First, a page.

Riding and Raising Funds to Rid the World of AIDS

Cassandra Greenawalt, UCR alumna and EH&S analyst, participating in 545-mile AIDS/LifeCycle Ride from SF to LA

Cassie Greenawalt

UCR alumna and current EH&S Employee Cassandra Greenawalt ('08) is raising funds to participate in the 2012 AIDS/LifeCycle Ride, a 545-mile bike ride between San Francisco and Los Angeles.

RIVERSIDE, Calif. (www.ucr.edu) — To say that Cassandra Greenawalt has a competitive streak would be a vast understatement.

“I have been told that I am over-competitive,” she said. “But the one thing that I learned as a student-athlete is that you don’t know your limits until you are tested, until you push them.”

Greenawalt, who works as an analyst at Environmental Health and Safety at UCR, will definitely be pushing those limits this June as she participates in the AIDS/LifeCycle Ride to End AIDS, a 545-mile bicycle ride from San Francisco to Los Angeles. The ride is made up of 2,350 riders, who each raise a minimum of $3,000 in donations to participate, and is fully supported by 600 volunteers who do everything from setting up overnight camp grounds and rest stops to repairing participants’ bicycles.

The AIDS/LifeCycle Ride began in 2002 and has raised more than $70 million to support the HIV/AIDS-related services of the Los Angeles Gay & Lesbian Center and the San Francisco AIDS Foundation.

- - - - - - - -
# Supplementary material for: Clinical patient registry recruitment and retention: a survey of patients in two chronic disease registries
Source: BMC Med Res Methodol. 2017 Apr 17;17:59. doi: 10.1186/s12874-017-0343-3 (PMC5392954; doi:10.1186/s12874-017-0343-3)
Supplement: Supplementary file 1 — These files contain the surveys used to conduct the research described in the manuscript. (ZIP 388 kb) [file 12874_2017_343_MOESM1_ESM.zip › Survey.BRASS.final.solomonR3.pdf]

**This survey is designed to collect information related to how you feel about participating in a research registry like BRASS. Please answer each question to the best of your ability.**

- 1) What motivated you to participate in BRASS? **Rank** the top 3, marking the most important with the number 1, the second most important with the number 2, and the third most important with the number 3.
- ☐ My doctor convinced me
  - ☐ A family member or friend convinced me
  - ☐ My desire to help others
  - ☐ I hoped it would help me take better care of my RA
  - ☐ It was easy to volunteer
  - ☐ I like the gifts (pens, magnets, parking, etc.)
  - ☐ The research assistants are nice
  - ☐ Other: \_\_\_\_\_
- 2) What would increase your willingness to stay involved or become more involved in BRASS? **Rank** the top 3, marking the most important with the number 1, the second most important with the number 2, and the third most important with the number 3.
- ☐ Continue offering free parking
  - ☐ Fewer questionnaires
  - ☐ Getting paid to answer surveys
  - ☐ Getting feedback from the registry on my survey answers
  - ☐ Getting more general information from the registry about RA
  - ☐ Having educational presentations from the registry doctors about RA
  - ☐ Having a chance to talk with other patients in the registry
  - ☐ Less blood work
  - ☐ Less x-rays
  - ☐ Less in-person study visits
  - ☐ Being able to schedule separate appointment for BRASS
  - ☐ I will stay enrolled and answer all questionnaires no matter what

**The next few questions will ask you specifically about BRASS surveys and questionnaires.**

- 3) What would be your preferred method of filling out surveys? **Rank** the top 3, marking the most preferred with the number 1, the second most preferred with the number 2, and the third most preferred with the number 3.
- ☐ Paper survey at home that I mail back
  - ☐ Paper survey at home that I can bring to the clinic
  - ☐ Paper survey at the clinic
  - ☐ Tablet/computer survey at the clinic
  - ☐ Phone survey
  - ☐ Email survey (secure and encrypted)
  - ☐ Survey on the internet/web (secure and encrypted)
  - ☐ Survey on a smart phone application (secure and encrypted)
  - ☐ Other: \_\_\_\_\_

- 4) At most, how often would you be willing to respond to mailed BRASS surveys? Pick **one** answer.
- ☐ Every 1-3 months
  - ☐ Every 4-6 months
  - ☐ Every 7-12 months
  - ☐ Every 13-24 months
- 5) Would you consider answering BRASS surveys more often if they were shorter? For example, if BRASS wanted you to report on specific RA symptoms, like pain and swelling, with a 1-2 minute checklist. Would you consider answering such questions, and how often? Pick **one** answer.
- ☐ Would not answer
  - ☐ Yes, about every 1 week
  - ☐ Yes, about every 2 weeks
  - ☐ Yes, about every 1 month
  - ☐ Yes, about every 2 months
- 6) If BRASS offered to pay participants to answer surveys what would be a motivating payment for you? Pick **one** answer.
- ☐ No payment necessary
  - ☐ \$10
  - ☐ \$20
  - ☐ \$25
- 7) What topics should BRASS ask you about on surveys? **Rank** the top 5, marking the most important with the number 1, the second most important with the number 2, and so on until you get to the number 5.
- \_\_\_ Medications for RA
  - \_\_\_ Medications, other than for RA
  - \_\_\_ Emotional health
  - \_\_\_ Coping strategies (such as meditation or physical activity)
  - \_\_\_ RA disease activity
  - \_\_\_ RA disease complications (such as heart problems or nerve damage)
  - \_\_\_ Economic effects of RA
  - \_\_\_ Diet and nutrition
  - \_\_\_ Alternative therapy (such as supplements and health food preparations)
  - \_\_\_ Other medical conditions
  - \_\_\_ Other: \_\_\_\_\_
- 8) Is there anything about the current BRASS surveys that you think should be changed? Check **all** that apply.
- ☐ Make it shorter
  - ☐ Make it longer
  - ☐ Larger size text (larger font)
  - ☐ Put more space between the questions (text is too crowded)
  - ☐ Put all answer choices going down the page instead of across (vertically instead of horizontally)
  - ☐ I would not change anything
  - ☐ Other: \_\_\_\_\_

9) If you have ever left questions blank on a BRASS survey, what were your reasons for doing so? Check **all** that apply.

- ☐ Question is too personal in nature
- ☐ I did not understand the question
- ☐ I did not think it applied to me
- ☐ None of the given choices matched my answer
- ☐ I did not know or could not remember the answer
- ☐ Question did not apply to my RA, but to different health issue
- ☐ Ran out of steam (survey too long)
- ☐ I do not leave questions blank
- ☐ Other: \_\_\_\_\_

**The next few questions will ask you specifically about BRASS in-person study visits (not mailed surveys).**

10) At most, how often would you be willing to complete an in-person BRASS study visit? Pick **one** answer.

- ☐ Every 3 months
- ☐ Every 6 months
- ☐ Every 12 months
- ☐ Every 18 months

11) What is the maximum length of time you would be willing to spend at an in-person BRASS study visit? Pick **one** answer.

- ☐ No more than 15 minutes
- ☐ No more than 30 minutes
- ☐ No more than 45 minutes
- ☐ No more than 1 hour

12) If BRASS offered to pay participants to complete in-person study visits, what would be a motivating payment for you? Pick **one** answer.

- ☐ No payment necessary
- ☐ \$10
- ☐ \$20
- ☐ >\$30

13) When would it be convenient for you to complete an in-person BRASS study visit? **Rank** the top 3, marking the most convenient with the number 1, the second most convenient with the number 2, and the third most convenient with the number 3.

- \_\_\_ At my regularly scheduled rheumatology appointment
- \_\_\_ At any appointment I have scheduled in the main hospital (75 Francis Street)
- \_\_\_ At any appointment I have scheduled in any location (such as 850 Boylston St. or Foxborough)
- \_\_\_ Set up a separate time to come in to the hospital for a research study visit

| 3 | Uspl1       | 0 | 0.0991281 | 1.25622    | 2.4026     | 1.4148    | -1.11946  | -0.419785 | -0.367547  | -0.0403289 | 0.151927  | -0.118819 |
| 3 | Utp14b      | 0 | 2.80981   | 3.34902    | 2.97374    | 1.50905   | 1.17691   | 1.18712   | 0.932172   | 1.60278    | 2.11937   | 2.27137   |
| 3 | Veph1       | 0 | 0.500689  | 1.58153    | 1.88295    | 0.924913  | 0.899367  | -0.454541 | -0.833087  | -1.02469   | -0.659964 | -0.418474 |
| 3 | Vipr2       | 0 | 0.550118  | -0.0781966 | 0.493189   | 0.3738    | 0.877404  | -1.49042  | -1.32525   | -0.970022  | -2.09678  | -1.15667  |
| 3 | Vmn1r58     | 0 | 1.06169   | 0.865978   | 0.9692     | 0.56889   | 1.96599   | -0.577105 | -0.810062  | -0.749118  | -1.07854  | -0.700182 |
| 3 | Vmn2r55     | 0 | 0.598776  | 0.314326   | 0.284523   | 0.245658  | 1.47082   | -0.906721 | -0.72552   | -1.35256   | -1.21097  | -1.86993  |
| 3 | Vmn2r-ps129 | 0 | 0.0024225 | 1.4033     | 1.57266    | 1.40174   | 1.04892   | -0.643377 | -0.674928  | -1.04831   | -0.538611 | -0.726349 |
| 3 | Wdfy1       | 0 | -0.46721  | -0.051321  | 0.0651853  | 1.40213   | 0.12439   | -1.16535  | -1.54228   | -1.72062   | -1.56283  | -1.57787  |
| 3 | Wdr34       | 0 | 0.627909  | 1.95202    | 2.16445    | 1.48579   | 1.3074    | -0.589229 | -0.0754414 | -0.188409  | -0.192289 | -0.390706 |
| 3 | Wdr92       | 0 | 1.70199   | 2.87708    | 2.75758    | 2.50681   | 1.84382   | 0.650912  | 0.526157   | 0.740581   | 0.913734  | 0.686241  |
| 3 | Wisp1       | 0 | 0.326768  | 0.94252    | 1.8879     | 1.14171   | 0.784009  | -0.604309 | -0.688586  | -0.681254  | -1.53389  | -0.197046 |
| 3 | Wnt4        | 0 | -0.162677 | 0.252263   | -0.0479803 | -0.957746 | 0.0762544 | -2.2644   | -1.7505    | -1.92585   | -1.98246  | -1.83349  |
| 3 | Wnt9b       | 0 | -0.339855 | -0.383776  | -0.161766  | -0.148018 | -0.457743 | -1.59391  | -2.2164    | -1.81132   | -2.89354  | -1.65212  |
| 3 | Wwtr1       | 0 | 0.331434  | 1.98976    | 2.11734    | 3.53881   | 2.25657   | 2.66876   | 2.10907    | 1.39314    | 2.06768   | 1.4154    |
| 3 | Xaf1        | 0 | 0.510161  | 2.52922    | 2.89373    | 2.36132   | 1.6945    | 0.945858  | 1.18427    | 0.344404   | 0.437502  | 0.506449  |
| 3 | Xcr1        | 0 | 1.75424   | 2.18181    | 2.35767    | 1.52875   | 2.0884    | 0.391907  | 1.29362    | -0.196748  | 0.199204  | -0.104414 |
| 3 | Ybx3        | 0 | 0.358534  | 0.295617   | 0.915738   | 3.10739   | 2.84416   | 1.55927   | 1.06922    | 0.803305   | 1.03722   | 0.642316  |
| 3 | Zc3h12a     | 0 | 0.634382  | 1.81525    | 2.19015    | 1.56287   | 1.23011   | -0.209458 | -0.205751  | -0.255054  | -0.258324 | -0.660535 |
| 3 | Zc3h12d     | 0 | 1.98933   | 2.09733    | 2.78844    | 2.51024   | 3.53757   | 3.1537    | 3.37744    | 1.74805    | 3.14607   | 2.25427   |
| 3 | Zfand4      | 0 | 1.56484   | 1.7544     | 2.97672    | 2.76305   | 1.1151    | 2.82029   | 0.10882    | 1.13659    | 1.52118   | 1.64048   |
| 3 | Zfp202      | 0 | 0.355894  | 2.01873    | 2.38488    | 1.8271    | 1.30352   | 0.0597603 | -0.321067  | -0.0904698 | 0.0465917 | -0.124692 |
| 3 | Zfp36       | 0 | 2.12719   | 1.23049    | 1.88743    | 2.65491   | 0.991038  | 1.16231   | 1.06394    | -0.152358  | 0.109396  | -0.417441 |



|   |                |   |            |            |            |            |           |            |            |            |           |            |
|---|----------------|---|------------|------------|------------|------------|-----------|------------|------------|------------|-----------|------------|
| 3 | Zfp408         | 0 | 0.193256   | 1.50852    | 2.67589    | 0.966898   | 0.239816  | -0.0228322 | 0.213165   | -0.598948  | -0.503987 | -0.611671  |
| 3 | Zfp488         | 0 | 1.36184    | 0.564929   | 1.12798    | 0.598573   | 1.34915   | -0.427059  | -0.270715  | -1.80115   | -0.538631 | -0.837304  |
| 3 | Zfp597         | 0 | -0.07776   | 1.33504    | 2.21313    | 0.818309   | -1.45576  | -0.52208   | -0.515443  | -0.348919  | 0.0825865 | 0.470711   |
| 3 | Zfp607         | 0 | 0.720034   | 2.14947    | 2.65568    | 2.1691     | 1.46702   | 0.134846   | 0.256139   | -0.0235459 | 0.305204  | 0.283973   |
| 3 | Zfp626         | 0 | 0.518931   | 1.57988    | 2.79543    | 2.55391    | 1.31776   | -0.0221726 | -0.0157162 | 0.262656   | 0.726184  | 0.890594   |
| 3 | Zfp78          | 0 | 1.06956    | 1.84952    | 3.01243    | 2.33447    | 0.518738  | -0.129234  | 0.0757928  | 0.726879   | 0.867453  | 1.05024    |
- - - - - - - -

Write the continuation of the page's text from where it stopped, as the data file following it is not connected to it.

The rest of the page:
Greenawalt graduated with honors from UC Riverside in 2008 with a Bachelor of Arts degree in psychology and a minor in sociology. She also played catcher for the UCR Highlander softball team, earning second-team All-Big West honors in 2006, and was viewed as a leader of the team. After graduating, she worked as a volunteer assistant coach as well as a part-time position with EH&S.

“I was so blessed to have Cassie on my team, and then on my coaching staff,” UCR Head Softball Coach Connie Miner said. “She is one of the most caring, loving, thoughtful, giving, dedicated and competitive individuals I have ever known.”

Greenawalt said she began running as a way to let out those competitive energies when her playing career came to an end.

“Running was cheap and easy to do. You just need shoes and you go out and you run,” she said.

But it wasn’t long before Greenawalt was pushing herself as a runner, competing in half-marathons and finally a full marathon. In the marathon, she and a friend raised over $1,000 for the Karno Kids Foundation, which fights against childhood obesity.

Cassandra Greenawalt

“After the marathon, I was looking for the next big thing, the next adventure,” Greenawalt said. “A few years ago my friend, Rebecca Bautista, had mentioned the AIDS/LifeCycle ride. One day last fall I said to her ‘we should do that.’ She said OK and we signed up.”

Of course, one does not just sign up for the ride, show up in San Francisco and go. To participate, each rider must raise a minimum of $3,000. Furthering the challenge for Greenawalt is the fact that she has never ridden that distance before. In fact, when she signed up, she didn’t even have a road bike suitable for making the trip.